This is a very compelling 1950s set drama which tells the story of heinous Scottish serial-killer Peter Manuel. It benefits from an exceptionally good performance from Martin Compston as the devious killer; and also by Douglas Henshall as the Detective trying to catch him. Overall, a good drama which had me gripped throughout. (Mark: 8 out of 11)

JEKYLL & HYDE (2015) Season 1 – ITV ENCORE

I really enjoyed this updating of the old Robert Louis Stevenson monster classic. Created by Charlie Higson it was over-the-top and frankly loopy at times with some occasional bad acting thrown in. In going for a 1930s-period-Bond-meets-Dr-Who-meets-Hammer-horror-mash-up it wasn’t always successful but overall it was fun entertainment.  The cast all seemed like they were having fun and Amelia Bullimore, Enzo Cilenti, Natasha O’Keeffe, Richard E Grant were standouts while Tom Bateman was okay in the lead monster/man dual role. It’s just a damned shame the show got cancelled on a bloody suspenseful cliff-hanger. (Mark: 7.5 out of 11)

LUCAN (2013) Season 1 – ITV ENCORE

ITV love a “true” story or crime stories based on real events and at the forefront of many of those are the excellent writer Jeff Pope. As Head of Factual Drama at ITV he has written and produced many fine TV programmes and this biopic of the infamous “Lucky” Lord Lucan case is also very good.  Rory Kinnear is an impressive brooding presence as Lucan and Catherine McCormack also excels as his abused wife. We may never know what happened to Lucan but this drama attempts to shed some light on the ill-fated events from 1970s British society. (Mark: 7.5 out of 11)

MRS BIGGS (2012) Season 1 – ITV ENCORE

Another narrative based on true events focusses on the 1960s Great Train Robbery and its aftermath from the perspective of Ronnie Biggs’ wife Charmian. Sheridan Smith is astounding as the long-suffering wife partner of Daniel Mays’ Ronnie. The acting all-round and writing are excellent as we find Charmian essentially falling big for the wrong guy. Her determination and commitment to Biggs was incredibly naïve yet admirable as she carried herself and her kids to Australia and Brazil in order to keep the family together. At no time does it glamorise the crimes as Smith and Mays prove an unlikely but testament to the power of love and the lengths one may go to because of it. (Mark: 9 out of 11)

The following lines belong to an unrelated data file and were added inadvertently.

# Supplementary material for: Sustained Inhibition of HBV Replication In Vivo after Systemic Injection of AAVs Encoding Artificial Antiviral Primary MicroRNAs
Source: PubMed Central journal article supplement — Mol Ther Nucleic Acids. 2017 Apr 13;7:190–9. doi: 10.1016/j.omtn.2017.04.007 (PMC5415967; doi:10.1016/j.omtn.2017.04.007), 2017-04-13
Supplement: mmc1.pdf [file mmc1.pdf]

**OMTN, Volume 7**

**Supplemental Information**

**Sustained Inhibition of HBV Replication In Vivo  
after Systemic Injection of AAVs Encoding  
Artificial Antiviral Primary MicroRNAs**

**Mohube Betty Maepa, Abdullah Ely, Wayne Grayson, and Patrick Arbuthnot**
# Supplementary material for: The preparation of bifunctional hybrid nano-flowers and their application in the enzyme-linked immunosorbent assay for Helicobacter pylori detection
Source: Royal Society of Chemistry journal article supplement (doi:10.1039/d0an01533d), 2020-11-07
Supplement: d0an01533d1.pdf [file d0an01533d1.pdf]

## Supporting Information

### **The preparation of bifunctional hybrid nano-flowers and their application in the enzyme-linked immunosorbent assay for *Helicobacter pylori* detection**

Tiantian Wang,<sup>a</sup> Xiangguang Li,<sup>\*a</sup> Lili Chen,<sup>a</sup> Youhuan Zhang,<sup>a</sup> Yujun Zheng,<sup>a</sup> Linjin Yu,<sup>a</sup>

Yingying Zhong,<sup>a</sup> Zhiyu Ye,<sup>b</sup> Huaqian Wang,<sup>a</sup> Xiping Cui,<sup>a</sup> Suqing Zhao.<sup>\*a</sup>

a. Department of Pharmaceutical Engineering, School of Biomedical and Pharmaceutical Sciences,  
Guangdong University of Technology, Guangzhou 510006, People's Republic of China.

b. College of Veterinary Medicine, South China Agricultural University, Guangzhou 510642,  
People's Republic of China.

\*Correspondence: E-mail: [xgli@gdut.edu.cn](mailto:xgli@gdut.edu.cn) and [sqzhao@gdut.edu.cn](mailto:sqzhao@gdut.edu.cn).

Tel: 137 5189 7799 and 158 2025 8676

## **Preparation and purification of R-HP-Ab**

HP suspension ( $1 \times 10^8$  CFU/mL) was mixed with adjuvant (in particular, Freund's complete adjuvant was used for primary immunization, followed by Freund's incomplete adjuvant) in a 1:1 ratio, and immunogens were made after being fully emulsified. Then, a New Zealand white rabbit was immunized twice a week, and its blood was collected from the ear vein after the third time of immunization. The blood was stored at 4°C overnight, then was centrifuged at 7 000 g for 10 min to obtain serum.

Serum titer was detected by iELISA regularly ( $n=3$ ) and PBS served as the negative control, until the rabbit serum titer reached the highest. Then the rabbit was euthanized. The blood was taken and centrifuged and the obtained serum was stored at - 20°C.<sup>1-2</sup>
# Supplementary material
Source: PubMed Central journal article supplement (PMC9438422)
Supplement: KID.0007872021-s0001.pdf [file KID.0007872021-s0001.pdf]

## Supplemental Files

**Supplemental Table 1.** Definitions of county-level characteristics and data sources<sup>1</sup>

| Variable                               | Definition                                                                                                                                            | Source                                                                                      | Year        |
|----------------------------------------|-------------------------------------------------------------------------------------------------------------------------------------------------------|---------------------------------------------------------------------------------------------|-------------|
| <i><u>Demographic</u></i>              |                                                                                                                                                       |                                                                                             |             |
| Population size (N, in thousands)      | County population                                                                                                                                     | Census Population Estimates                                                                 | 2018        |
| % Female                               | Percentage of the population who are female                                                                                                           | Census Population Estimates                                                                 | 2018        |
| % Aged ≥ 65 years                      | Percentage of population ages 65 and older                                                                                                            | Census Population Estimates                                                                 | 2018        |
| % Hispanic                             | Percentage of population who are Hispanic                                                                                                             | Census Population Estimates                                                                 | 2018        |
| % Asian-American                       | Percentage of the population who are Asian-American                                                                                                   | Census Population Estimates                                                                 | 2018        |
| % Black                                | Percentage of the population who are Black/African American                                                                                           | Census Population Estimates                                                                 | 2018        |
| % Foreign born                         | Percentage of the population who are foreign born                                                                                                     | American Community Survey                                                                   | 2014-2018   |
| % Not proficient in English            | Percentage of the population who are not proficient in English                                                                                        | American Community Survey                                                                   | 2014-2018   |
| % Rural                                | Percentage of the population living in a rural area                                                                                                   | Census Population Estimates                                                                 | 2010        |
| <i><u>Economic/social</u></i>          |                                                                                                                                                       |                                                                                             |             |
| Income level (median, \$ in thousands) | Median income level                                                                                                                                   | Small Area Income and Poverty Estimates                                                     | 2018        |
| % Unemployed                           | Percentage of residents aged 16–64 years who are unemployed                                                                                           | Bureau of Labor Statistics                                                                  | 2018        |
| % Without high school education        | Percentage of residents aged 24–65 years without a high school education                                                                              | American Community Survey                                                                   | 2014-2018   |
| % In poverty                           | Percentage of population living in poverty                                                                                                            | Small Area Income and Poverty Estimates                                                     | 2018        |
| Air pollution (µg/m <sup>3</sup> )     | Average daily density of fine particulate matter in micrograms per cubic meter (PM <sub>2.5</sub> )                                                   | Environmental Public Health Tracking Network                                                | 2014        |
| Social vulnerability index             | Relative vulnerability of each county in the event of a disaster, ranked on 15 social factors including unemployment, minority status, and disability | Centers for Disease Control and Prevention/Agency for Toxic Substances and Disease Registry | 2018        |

SAFE HOUSE (2012) Season 1 – NETFLIX

Christopher Eccleston, who is always reliable, stars as a retired cop who employs his Lake District property as a “safe house” for witness protection. The vistas are beautiful and the suspense is often palpable in this well written drama by Michael Crompton.  Paterson Joseph provides excellent support as Eccleston’s former boss but the highlight of the show is under-rated British actor Peter Ferdinando, who portrays an obsessive criminal with sinister verve and pathos. (Mark: 7.5 out of 11)

SHETLAND (2013) – Season 1 – NETFLIX

Another detective show starring the impressive Scottish actor Douglas Henshall. This one feels old-fashioned but the stark contemporary Scottish settings work in its favour and interestingly enough it is an ITV produced show FOR the BBC.  The characters are believable and Henshall’s police team are down-to-earth and likeable. Overall, the writing is pretty good with some gripping storylines while the slower pace adds to the drama and atmosphere. (Mark: 7.5 out of 11)

THE WIDOWER (2014) – Season 1 – NETFLIX

Reece Shearsmith stars again but as a weird sociopathic wife-murderer based on a real-life case. His modus operandi was to finagle himself deceitfully into women’s lives and then use their wealth to clear his debts. Sheridan Smith pops up in the first episode but Shearsmith’s Malcolm Webster later moves abroad to New Zealand to prey on other victims. Webster is an everyday monster and his actions defy belief that there would be someone so heinous; and Shearsmith gives a chilling performance. (Mark: 8 out of 11)